Search Results

You are looking at 1 - 10 of 95 items for :

  • "coronavirus pandemic" x
  • Refine by Access: All content x
  • Refine by Content Type: All x
Clear All Modify Search
Open access

Anthropology from Home

Advice on Digital Ethnography for the Pandemic Times

Magdalena Góralska

, not only posing a danger to their health, but also affecting their social relationships and financial situations. While it is hard to predict whether the coronavirus pandemic will indeed become the generational experience some are predicting it will be

Restricted access

Visual art experience during the coronavirus pandemic

Kirill Chunikhin

Open access

Museums and the Pandemic, One Year On

Some Reflections on Academic Resilience

Joanna Cobley

Border closures due to the coronavirus pandemic have highlighted the importance of encouraging critical engagement and fostering international collaborations. One year on, with travel plans still halted, the museum and heritage studies community

Free access

Editors' Note

Paul L. Scham and Yoram Peri

related to current events around the world, especially in the US, sometimes even competing with the coronavirus pandemic for the headlines. See the guest editors’ introduction immediately following this note for a fuller exposition before delving into the

Open access

Collaborative Mistrust

The Communicative Function of Alternative Facts in Social Media Interactions

Nils C. Kumkar

Understanding social media discourses as conversations and interpreting them as such allows reconstructing the communicative function of alternative facts as a practical achievement making a difference in interactive sensemaking. Using the documentary method approach to conversation analysis for interpreting the doing of alternative facts in conversations on the Facebook pages of the right-wing party Alternative für Deutschland (AfD), this article shows: (1) doing alternative facts has to be understood in the context of identity performances which bracket questions of facticity; (2) doing alternative facts is part of an overarching conversational dynamic of “suspicious investigation” held together by a shared orientation toward un-truthing mainstream reality construction; (3) and this dynamic immunizes itself against critique via identity performance and identity misrecognition.

Open access

Perverse Economies of Intimate and Personal Labour

Resuming Domestic Work in Households after the Lockdown

Pooja Satyogi

(accessed 21 June 2020 ). Ganguly , S. ( 2020 ), ‘ India's Coronavirus Pandemic Shines a Light on the Curse of Caste ’, The Conversation , 2 June , https://theconversation.com/indias-coronavirus-pandemic

Restricted access

Russian Girls Construct Freedom and Safety in Pandemic Times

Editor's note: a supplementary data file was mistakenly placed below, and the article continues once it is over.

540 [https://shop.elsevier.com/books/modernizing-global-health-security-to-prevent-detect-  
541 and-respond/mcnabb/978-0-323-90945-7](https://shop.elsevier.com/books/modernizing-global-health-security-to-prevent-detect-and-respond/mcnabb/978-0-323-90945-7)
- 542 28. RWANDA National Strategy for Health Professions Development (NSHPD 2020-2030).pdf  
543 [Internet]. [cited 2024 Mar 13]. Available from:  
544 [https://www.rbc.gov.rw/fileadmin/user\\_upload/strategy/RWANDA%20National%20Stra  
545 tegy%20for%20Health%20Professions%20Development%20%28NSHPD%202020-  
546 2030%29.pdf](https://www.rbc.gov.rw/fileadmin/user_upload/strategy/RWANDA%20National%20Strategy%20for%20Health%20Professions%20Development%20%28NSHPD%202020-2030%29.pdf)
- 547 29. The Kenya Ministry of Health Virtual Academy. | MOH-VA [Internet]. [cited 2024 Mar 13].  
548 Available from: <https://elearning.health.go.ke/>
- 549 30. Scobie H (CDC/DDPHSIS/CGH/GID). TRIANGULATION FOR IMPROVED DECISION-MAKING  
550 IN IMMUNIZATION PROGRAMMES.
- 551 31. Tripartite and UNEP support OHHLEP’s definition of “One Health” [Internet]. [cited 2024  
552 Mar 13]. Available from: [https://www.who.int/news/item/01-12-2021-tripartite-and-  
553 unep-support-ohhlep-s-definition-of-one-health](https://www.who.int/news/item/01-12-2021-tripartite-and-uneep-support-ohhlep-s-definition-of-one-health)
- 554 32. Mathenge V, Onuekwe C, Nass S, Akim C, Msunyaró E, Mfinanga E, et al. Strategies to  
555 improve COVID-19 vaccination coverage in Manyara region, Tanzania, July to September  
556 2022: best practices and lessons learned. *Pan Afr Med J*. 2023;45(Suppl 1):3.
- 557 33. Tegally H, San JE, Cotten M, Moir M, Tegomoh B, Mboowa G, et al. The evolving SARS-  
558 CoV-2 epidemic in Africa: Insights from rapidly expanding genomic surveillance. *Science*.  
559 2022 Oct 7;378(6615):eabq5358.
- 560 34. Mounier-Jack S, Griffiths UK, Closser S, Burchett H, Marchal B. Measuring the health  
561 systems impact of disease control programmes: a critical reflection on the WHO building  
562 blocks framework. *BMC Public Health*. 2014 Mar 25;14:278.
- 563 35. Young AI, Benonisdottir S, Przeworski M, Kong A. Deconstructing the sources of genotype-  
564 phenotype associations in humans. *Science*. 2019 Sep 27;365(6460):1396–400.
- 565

Olga Zdravomyslova and Elena Onegina

Introduction: Living at Risk The coronavirus pandemic has been a huge source of stress for countries and regions around the world, and Russia is no exception. The first cases of coronavirus in Russia were recorded in March 2020. In July 2020

Restricted access

Pandemic Politics in the Federal Republic

A Familiar Pattern?

David F. Patton

, raising concerns about democratic safeguards. In the coronavirus pandemic, governments restricted basic civil rights and passed emergency decrees. Ominously, authoritarian-minded executives in Hong Kong, Hungary, Cambodia, and elsewhere limited the right

Free access

Editors' Note

Working on this issue in the middle of the coronavirus pandemic shutdown is a tad surreal. One wants to resist the many voices who breathlessly proclaim that everything will be different “AC” (after corona). Besides the horrible health and

Open access

Learning to Dwell with Micro-Organisms

Corporeality, Relationality, Temporality

Lydia Maria Arantes

Abstract

In this article, I enquire in which ways the corona-induced lockdown in Austria has reshaped intimacy in our household by scrutinising my husband's sourdough bread-making journey. As physical distancing has thrown us back onto ourselves, my field of research is equivalent to that which is immediately available – our everyday life within the confines of domestic space, at times expanded via digital technologies. My elaborations are based on my (research) diary in which I usually conflate personal and research-related aspects of my everyday life. As, during lockdown, (entries on) bread-making and caring for sourdoughs came to play an important role, I became inspired to unfold issues of corporeality, relationality and temporality with regard to newly developing intimacies, interdependencies and modes of knowing.